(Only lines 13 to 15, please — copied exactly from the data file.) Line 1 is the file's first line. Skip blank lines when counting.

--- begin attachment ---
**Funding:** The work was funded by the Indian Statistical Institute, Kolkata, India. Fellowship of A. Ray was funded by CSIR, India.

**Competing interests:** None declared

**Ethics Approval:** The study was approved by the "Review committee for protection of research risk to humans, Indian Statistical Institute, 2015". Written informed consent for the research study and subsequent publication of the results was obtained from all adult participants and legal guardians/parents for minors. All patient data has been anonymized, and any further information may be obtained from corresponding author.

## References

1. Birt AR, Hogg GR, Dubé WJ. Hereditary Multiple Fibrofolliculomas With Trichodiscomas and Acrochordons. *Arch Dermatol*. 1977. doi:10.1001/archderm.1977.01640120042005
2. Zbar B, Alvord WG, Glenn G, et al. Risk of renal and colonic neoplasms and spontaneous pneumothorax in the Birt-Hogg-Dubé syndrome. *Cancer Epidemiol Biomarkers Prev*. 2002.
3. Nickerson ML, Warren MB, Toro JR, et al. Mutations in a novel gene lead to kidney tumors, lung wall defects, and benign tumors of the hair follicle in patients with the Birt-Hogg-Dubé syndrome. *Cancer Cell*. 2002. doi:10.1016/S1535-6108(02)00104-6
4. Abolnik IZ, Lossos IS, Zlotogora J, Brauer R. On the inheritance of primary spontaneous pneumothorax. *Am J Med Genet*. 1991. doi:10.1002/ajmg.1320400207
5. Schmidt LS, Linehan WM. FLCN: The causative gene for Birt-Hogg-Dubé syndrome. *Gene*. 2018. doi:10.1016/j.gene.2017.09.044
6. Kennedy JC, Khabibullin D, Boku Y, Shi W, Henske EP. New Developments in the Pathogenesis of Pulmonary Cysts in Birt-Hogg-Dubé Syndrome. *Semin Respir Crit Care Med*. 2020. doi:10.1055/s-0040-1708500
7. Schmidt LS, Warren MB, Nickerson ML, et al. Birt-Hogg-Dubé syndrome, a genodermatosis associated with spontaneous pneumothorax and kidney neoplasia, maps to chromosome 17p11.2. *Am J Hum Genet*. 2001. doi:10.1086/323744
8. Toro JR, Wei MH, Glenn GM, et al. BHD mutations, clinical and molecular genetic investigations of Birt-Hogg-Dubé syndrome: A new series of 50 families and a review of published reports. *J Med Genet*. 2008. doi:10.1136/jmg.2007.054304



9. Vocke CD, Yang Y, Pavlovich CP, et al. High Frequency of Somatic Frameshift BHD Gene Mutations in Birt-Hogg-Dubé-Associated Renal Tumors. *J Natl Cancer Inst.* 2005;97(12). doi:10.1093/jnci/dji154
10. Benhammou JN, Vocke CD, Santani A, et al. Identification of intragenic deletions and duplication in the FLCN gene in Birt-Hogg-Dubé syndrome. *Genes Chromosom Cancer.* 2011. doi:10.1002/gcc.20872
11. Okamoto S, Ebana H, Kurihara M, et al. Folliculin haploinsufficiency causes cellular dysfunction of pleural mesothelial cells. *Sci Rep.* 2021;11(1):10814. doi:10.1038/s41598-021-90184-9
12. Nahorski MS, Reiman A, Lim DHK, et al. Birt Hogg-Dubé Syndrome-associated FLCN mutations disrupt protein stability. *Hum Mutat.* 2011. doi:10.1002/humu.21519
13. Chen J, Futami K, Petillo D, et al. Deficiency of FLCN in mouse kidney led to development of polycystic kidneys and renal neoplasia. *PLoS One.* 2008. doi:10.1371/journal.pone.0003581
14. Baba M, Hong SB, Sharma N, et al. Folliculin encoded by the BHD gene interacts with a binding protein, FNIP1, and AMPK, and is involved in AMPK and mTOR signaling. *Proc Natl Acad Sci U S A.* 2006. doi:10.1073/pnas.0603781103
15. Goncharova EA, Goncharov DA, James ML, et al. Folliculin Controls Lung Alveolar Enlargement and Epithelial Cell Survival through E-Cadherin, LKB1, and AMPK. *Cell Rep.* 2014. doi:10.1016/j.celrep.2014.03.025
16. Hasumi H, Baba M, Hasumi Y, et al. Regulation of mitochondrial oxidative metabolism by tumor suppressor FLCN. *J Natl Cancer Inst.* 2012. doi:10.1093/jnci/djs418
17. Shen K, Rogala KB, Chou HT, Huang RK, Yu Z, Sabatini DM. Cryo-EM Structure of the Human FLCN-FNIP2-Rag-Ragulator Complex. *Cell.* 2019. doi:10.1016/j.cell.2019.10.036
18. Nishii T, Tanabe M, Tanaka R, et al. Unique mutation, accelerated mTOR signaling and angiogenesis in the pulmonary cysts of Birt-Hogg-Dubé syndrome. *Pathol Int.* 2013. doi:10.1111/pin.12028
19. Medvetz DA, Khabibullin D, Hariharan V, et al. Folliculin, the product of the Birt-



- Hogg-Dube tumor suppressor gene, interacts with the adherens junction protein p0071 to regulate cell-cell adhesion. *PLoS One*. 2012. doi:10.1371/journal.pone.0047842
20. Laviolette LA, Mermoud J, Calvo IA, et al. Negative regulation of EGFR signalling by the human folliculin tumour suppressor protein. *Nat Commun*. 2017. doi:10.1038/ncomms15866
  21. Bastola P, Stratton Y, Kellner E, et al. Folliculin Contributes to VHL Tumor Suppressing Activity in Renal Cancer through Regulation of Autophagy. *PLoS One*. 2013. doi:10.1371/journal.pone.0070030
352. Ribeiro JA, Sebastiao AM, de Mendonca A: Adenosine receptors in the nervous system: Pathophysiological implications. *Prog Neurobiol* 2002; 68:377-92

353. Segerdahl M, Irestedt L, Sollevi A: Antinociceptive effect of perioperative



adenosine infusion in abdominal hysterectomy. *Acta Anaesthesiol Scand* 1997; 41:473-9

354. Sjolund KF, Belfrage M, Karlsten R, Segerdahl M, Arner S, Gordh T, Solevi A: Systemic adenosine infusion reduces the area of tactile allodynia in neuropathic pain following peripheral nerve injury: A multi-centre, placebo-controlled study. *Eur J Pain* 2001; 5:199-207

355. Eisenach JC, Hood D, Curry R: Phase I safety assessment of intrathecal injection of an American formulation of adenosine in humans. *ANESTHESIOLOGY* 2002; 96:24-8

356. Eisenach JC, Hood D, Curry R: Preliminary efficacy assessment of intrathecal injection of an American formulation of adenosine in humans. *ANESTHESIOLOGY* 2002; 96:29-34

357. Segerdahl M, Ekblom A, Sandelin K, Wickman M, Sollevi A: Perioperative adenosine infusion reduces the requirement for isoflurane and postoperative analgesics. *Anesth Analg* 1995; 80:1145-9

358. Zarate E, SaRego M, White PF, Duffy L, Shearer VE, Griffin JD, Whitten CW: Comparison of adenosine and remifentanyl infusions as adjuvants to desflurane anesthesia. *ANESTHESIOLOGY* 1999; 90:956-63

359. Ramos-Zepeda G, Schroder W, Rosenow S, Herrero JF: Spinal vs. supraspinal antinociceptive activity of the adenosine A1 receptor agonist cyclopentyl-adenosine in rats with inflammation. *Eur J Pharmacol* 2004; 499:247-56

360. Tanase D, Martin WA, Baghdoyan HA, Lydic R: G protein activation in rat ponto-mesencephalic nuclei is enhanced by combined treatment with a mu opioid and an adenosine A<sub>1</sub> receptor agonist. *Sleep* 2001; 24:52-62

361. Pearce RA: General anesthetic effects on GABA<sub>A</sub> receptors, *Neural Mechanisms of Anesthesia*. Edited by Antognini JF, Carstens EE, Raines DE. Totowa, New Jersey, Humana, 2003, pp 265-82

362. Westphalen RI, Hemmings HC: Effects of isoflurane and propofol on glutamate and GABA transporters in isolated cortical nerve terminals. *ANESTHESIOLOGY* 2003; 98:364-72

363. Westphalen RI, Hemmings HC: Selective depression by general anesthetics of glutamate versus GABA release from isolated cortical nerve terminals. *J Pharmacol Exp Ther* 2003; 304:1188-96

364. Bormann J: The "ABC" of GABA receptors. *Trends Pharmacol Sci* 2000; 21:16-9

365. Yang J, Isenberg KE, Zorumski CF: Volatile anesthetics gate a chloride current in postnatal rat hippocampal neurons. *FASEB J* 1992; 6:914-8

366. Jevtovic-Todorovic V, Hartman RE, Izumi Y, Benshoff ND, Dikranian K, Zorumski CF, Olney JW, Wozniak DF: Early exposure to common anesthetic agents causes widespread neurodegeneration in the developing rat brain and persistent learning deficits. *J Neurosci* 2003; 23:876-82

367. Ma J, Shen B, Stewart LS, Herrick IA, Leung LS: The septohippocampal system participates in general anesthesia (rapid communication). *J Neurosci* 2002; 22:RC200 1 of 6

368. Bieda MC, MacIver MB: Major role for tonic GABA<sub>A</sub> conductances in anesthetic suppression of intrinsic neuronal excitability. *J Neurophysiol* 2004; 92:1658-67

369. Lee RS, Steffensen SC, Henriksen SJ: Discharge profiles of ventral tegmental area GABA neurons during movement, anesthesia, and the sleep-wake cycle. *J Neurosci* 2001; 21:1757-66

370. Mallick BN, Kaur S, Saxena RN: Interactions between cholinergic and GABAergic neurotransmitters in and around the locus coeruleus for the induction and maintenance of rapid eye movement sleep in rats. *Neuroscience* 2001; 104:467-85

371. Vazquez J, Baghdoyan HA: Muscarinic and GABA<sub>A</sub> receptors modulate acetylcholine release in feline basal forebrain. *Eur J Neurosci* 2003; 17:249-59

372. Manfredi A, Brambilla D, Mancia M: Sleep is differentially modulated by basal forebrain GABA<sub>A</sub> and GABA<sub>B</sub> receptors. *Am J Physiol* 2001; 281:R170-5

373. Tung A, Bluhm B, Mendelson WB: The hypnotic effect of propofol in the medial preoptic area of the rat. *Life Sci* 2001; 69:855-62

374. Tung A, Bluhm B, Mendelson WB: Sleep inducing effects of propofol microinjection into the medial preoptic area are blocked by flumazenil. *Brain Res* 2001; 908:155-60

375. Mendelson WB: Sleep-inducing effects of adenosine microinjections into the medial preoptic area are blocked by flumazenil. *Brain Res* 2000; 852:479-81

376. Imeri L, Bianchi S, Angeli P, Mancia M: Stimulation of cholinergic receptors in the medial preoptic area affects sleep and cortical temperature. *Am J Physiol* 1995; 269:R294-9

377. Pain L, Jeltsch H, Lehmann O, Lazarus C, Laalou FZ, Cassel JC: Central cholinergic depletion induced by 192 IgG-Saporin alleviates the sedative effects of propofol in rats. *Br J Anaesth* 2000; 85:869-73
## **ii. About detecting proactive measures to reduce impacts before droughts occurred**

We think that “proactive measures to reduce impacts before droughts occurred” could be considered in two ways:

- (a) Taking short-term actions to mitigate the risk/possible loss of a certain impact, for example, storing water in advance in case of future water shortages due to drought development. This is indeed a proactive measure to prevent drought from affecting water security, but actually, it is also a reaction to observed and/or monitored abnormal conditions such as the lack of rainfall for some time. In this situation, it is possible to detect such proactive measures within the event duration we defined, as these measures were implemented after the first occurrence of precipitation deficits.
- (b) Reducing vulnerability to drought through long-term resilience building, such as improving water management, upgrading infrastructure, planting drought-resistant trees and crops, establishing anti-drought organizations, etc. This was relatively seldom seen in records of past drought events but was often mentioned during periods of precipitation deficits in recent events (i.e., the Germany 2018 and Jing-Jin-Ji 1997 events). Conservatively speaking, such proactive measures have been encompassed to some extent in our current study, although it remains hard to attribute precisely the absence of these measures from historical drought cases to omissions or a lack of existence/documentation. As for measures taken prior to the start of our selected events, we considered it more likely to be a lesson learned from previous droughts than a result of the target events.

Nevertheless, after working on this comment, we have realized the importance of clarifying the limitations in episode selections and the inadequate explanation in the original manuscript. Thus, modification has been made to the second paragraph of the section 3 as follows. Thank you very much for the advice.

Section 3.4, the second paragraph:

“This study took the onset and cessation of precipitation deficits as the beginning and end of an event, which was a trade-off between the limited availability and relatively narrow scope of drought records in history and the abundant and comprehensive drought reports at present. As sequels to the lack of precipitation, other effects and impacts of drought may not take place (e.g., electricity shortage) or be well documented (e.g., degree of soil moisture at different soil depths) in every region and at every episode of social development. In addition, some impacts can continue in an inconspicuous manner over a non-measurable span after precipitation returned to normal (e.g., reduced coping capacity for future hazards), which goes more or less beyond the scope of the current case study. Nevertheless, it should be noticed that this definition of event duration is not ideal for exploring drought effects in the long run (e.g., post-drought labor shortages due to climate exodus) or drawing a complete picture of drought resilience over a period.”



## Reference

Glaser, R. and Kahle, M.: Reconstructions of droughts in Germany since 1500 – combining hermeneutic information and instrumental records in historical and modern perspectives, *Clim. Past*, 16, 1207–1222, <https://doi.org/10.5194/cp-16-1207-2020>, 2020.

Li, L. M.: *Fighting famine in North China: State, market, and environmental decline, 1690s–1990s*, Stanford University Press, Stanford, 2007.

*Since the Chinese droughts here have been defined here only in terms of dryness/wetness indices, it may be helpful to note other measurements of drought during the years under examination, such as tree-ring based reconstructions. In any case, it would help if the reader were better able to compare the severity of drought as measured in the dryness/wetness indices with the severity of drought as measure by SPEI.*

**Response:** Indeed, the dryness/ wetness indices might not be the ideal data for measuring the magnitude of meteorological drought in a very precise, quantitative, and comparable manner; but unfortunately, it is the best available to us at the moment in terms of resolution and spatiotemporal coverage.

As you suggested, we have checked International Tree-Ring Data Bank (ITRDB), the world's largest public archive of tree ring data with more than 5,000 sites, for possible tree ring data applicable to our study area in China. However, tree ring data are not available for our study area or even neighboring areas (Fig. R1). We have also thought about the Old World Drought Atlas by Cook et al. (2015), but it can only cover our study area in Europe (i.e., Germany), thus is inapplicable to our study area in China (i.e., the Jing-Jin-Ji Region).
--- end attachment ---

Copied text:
9. Vocke CD, Yang Y, Pavlovich CP, et al. High Frequency of Somatic Frameshift BHD Gene Mutations in Birt-Hogg-Dubé-Associated Renal Tumors. *J Natl Cancer Inst.* 2005;97(12). doi:10.1093/jnci/dji154
10. Benhammou JN, Vocke CD, Santani A, et al. Identification of intragenic deletions and duplication in the FLCN gene in Birt-Hogg-Dubé syndrome. *Genes Chromosom Cancer.* 2011. doi:10.1002/gcc.20872
11. Okamoto S, Ebana H, Kurihara M, et al. Folliculin haploinsufficiency causes cellular dysfunction of pleural mesothelial cells. *Sci Rep.* 2021;11(1):10814. doi:10.1038/s41598-021-90184-9